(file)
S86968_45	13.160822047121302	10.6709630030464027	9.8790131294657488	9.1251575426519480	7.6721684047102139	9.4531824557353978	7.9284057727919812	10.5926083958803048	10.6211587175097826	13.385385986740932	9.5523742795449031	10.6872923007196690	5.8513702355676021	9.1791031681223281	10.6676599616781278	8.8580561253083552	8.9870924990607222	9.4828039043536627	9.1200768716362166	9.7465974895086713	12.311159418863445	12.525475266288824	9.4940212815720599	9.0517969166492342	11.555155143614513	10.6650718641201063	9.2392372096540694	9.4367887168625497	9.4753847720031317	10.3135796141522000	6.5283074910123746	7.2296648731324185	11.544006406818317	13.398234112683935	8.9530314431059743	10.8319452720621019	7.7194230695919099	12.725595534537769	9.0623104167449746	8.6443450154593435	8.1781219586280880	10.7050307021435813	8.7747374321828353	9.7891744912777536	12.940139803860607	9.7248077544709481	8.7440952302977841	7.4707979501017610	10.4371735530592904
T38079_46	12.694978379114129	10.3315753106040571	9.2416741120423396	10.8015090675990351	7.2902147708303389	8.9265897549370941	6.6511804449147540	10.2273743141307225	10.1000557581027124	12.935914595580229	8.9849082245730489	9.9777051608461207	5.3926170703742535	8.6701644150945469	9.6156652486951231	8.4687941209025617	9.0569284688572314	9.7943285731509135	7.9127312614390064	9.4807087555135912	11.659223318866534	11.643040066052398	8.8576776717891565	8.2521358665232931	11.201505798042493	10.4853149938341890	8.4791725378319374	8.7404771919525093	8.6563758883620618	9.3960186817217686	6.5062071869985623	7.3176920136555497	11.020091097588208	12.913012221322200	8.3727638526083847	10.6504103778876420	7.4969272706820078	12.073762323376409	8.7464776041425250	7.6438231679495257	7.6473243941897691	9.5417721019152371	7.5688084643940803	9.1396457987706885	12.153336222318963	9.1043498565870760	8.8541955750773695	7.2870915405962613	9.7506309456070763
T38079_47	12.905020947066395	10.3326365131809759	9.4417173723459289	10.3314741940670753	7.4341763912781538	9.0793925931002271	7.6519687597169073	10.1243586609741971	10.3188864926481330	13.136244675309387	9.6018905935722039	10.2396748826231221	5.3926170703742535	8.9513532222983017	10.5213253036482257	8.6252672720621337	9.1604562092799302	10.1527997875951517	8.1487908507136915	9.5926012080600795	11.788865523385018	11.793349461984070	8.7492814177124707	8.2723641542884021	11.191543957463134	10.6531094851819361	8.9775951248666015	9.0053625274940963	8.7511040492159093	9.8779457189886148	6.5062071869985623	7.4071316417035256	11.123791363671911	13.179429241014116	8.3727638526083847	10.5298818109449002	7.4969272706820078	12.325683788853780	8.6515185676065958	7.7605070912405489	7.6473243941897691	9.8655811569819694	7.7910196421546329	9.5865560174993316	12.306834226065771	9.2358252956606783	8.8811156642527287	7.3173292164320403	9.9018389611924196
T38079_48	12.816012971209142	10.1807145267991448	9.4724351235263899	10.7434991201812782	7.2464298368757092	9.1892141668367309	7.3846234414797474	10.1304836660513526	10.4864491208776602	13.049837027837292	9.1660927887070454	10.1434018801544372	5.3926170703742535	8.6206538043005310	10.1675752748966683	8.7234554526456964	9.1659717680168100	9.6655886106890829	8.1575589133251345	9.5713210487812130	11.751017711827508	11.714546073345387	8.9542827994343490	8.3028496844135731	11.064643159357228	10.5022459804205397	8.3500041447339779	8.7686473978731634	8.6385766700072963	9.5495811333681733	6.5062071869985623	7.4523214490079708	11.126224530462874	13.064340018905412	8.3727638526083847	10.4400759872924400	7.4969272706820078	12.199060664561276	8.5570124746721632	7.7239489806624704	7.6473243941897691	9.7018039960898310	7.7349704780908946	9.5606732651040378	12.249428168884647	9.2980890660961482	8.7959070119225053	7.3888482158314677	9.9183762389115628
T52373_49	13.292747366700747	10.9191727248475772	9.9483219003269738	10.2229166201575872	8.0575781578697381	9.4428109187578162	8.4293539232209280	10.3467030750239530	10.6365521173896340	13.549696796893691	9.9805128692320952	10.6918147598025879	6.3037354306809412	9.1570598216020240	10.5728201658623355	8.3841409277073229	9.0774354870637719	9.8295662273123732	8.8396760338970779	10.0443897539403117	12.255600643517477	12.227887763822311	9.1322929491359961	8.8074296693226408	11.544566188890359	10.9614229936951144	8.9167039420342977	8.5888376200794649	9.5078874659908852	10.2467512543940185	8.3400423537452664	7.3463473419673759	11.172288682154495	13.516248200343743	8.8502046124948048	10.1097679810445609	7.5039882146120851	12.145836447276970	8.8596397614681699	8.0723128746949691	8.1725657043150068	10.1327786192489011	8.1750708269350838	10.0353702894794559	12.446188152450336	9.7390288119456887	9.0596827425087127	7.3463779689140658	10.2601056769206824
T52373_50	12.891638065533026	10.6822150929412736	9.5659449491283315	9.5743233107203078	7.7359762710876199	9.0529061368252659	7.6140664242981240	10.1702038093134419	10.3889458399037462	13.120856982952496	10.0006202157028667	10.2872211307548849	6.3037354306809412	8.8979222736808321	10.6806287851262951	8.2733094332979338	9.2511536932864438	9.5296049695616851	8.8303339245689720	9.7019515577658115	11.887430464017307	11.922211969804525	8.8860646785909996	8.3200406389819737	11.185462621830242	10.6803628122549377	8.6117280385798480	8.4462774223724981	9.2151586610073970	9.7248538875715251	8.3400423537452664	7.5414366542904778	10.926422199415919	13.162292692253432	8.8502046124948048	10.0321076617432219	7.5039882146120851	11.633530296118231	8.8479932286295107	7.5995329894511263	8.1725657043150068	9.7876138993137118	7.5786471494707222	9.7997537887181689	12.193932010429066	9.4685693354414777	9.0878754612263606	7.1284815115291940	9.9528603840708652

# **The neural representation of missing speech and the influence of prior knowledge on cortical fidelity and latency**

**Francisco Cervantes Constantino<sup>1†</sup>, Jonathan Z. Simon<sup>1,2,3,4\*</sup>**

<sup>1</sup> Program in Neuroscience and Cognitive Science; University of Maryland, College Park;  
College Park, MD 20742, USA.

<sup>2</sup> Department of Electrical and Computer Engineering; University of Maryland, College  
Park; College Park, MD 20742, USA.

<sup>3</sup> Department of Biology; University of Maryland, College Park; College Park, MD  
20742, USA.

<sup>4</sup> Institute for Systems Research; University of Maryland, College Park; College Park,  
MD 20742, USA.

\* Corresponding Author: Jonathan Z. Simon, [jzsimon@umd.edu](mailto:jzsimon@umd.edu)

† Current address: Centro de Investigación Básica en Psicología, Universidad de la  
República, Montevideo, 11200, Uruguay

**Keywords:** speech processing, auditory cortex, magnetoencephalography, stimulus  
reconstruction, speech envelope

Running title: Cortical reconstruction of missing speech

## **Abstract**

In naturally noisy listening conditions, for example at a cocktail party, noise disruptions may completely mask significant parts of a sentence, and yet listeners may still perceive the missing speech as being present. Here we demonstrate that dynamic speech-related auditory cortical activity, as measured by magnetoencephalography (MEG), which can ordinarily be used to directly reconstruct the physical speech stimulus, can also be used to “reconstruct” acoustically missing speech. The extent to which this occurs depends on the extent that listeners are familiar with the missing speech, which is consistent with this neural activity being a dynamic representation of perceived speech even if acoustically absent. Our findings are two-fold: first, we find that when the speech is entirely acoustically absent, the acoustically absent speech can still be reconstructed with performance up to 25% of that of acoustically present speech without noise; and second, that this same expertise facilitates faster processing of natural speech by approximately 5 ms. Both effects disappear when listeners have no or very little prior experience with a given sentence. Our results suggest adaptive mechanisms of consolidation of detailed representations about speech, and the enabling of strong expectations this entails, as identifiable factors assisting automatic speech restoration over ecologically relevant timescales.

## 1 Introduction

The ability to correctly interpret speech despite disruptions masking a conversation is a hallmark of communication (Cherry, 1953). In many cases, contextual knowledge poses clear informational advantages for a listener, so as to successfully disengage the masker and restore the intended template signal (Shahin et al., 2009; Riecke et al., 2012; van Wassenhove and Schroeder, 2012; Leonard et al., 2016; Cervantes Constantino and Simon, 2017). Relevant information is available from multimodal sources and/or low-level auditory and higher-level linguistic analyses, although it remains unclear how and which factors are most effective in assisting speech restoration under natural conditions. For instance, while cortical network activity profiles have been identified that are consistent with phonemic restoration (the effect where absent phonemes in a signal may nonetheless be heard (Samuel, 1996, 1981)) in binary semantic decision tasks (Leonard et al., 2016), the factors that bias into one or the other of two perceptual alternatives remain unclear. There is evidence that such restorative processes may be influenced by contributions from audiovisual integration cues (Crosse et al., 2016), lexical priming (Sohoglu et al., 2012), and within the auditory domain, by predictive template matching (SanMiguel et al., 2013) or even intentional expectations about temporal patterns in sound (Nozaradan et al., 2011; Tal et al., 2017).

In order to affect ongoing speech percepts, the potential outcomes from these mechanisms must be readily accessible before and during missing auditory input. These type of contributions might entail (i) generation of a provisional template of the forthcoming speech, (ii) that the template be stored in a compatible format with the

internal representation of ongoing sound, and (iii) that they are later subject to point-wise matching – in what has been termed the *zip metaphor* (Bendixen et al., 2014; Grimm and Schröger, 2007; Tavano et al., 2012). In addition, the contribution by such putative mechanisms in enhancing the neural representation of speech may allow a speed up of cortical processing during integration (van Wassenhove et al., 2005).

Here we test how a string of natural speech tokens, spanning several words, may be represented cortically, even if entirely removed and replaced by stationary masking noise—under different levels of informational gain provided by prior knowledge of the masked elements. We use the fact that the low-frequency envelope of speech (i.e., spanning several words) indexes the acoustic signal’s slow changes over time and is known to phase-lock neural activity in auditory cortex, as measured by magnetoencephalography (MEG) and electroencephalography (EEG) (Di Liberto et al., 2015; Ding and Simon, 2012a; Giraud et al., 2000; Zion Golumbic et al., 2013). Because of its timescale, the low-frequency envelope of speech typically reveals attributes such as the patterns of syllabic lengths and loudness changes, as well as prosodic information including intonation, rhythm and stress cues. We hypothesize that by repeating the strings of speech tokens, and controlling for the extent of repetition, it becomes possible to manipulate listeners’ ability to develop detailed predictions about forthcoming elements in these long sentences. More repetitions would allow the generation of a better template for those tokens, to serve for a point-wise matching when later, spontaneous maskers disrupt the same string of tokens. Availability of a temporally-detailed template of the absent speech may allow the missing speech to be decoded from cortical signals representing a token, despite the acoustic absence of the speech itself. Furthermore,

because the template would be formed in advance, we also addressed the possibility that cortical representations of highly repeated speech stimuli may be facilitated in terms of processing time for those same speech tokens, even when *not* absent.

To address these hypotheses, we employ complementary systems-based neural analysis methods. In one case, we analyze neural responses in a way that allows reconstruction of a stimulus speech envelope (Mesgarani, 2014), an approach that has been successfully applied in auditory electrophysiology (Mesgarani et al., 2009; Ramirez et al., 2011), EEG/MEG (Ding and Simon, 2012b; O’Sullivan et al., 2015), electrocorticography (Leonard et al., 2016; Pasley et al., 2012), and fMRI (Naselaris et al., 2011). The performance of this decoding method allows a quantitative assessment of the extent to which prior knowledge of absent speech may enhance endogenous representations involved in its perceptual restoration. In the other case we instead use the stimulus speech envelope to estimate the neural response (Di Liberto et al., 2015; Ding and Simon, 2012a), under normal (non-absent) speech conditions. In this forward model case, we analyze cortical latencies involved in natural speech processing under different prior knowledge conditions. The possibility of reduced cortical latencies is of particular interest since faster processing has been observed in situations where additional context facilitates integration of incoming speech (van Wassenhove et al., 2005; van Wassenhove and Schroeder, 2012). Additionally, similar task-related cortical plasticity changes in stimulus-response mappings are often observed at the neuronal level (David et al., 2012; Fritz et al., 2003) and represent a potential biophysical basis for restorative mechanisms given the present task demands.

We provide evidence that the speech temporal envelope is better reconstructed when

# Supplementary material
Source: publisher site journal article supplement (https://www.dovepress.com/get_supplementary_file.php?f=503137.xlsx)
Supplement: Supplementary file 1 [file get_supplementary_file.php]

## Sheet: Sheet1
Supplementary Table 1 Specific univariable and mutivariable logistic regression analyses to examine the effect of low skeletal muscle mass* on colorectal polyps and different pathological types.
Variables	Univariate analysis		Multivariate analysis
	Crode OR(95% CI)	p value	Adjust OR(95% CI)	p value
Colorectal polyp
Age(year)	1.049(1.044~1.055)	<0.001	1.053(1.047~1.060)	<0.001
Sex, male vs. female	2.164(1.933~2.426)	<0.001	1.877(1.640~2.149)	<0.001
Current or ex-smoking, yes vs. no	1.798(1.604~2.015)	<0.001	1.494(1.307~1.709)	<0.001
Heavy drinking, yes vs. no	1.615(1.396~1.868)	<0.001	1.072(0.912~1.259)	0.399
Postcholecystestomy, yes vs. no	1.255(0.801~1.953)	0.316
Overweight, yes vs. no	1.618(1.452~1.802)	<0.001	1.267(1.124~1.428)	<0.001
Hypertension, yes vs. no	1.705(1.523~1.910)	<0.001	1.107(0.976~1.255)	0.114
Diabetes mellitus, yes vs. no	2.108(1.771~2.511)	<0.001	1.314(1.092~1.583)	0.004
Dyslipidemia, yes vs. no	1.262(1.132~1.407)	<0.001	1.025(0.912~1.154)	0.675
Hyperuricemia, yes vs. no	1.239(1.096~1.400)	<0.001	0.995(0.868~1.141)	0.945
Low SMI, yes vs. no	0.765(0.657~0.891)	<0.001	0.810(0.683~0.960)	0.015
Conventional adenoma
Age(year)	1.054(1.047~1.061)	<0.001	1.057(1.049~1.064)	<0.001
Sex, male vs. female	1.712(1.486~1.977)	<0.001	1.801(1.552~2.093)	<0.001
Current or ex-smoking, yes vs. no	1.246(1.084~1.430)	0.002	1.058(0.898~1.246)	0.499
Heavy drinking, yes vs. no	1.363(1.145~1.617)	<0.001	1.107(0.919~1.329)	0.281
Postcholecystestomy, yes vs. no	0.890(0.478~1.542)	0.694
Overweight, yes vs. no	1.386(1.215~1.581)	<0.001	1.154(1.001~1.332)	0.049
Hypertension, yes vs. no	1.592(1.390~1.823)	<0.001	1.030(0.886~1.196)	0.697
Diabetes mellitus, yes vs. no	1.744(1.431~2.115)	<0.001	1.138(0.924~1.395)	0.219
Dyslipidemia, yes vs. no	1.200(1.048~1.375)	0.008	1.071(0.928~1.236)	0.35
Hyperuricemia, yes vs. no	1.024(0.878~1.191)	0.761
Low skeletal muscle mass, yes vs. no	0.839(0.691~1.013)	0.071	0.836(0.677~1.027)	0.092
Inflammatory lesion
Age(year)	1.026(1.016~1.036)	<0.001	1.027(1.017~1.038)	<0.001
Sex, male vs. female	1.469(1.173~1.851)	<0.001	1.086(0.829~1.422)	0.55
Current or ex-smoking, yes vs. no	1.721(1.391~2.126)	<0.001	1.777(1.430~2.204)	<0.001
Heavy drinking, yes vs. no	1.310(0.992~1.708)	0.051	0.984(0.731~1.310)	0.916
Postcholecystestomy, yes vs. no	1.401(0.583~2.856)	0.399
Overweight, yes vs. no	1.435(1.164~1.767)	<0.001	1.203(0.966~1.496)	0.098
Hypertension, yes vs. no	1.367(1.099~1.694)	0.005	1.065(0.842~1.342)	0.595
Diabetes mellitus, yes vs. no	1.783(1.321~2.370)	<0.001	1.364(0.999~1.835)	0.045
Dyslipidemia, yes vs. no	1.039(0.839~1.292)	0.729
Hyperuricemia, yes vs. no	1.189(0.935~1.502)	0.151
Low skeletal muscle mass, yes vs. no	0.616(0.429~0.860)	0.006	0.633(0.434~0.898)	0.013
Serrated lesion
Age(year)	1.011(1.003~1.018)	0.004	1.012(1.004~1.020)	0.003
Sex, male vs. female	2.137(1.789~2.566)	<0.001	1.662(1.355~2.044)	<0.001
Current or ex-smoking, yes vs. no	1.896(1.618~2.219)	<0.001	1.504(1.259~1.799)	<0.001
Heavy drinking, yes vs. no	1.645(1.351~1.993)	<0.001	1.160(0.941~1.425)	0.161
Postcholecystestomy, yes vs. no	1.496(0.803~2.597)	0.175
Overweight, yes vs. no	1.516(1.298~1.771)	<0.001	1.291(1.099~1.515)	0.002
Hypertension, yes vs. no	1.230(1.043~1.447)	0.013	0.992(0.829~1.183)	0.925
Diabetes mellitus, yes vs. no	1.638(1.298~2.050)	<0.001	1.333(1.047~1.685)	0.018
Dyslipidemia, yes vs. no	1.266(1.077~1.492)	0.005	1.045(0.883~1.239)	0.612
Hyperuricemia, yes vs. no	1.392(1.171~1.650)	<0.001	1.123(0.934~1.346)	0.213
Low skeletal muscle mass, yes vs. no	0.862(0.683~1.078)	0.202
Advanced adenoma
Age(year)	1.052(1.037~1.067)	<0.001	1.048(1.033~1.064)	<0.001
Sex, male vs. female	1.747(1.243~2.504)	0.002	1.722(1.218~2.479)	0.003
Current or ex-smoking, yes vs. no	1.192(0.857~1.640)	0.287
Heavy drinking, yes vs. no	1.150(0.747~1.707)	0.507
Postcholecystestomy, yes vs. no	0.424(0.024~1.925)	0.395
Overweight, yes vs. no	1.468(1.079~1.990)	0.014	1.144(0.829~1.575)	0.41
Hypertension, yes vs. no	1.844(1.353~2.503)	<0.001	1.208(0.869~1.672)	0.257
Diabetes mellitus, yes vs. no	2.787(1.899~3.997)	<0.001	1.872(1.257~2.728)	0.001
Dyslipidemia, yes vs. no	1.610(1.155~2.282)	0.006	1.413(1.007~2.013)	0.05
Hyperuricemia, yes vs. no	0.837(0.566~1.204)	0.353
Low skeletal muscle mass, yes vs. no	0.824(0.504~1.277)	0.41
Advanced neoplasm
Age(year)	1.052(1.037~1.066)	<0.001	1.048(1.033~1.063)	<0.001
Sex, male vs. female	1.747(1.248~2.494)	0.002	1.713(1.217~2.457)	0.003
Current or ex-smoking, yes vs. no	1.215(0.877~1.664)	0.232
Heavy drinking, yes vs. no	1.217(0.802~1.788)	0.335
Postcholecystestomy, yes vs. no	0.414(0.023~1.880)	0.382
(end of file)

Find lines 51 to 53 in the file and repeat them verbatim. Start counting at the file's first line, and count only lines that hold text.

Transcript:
Low SMI, yes vs. no	0.765(0.657~0.891)	<0.001	0.810(0.683~0.960)	0.015
Conventional adenoma
Age(year)	1.054(1.047~1.061)	<0.001	1.057(1.049~1.064)	<0.001